B2. Does a flexible furlough arrangement also need to be agreed with the employee concerned?

Yes. The UK Government guidance confirms that the same rules apply to flexible furlough agreements as to those for full-time furlough. Additionally, flexible furlough agreements will need to include details about the split between working and furloughed hours.

ECA has developed a sample flexible furlough agreement letter, which is available in the member-only ‘Furlough’ guidance note, on our Engineering Services Recovery webpage.


C1. Can we put any of our employees on furlough?

Not in all cases. Various restrictions are set out in the UK Government guidance here.

From 1st July 2020, only workers who have previously been furloughed for a minimum of three consecutive weeks can remain furloughed, or be re-furloughed or flexibly furloughed, under the rules of the Scheme. In effect this means that, unless someone was furloughed for the first time on or before 10th June 2020 (at the latest), they will fall outside the scope of the scheme.

The only specified exceptions to this 10th June cut-off date are workers returning from a period of statutory family leave or from a period of armed forces reserve duty – see further here.

C2. What additional considerations are there when furloughing apprentices?

Although apprentices can be furloughed just like any other employee, there are further implications which an employer will need to bear in mind.

Principally, these relate to the ability of the apprentice to continue learning and, if this is not possible, the need to consider some sort of break, or interruption, in learning. The relevant authorities in all four constituent parts of the United Kingdom have all put in place similar arrangements and guidance in order to try to maintain some degree of continuing learning for apprentices during the COVID-19 crisis, which you are recommended to read in full:  
When undertaking training, apprentices – like other employees – are entitled to receive at least the applicable National Living/ Minimum Wage rate. In practice, for furloughed apprentices, this means checking that their hourly rate of pay whilst on furlough is at or above the applicable National Living/ Minimum Wage rate. See here for further details about the National Living/ Minimum Wage, including applicable rates for apprentices.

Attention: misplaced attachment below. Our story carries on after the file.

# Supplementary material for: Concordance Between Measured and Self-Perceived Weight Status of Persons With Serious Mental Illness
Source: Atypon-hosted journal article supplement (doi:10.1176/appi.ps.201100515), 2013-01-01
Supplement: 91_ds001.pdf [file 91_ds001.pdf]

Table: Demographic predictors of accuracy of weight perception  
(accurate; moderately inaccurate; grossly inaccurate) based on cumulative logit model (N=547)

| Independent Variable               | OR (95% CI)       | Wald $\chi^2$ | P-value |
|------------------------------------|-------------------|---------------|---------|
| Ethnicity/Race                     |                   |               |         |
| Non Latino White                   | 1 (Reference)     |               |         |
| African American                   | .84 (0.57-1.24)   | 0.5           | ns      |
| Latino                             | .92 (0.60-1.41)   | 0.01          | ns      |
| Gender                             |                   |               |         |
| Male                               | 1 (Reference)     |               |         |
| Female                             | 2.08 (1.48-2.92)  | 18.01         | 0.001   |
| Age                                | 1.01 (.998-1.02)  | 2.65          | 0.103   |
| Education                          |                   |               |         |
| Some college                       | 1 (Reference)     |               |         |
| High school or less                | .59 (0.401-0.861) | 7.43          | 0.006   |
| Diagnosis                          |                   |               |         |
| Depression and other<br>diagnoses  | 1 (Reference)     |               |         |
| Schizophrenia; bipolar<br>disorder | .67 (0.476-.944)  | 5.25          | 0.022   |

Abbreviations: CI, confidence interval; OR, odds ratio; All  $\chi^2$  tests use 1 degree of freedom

C3. Can we still move people onto furlough who are shielding or have caring responsibilities or long-term health conditions?

Yes, provided that they have completed a minimum three weeks’ furlough before the final cut-off date of 30th June 2020.

The relevant UK Government guidance covering shielding and caring responsibilities may be found here. For long-term sickness, click here and scroll down to the heading: ‘If your employee is self-isolating or on sick leave’.

C4. Apart from employees, does anyone else qualify for furlough?

The Coronavirus Job Retention Scheme allows all employers to claim for all workers (i.e. not just employees) provided they are reported as part of a PAYE payroll. The following categories of worker are therefore, potentially eligible under the Scheme:
  • Agency workers;
  • ‘Limb b’ workers;
  • Umbrella company employees;
  • Company directors – including owners of personal service companies – and other officeholders;
  • Salaried members of limited liability partnerships.
For detailed UK Government guidance on different types of non-employee – including the role of agencies and umbrella companies as the ‘employer’ for furloughing purposes – see here.

C5. How many employees can we claim for at any one time?

From 1st July, the number of workers that an employer can furlough and claim for in any claim period may not exceed the highest number claimed for by the employer in any claim period between 1st March and 30th June. ‘Furloughing’ for these purposes covers both full-time and flexible furlough arrangements.

As with the 10th June cut-off period (see C1. above), the main exceptions to this cap on numbers are workers returning from a period of statutory family leave or from a period of armed forces reserve duty. A further, less commonplace exception may occur where groups of employees, under particular circumstances, are transferred from one employer’s PAYE scheme into another. This is considered further at C6. below.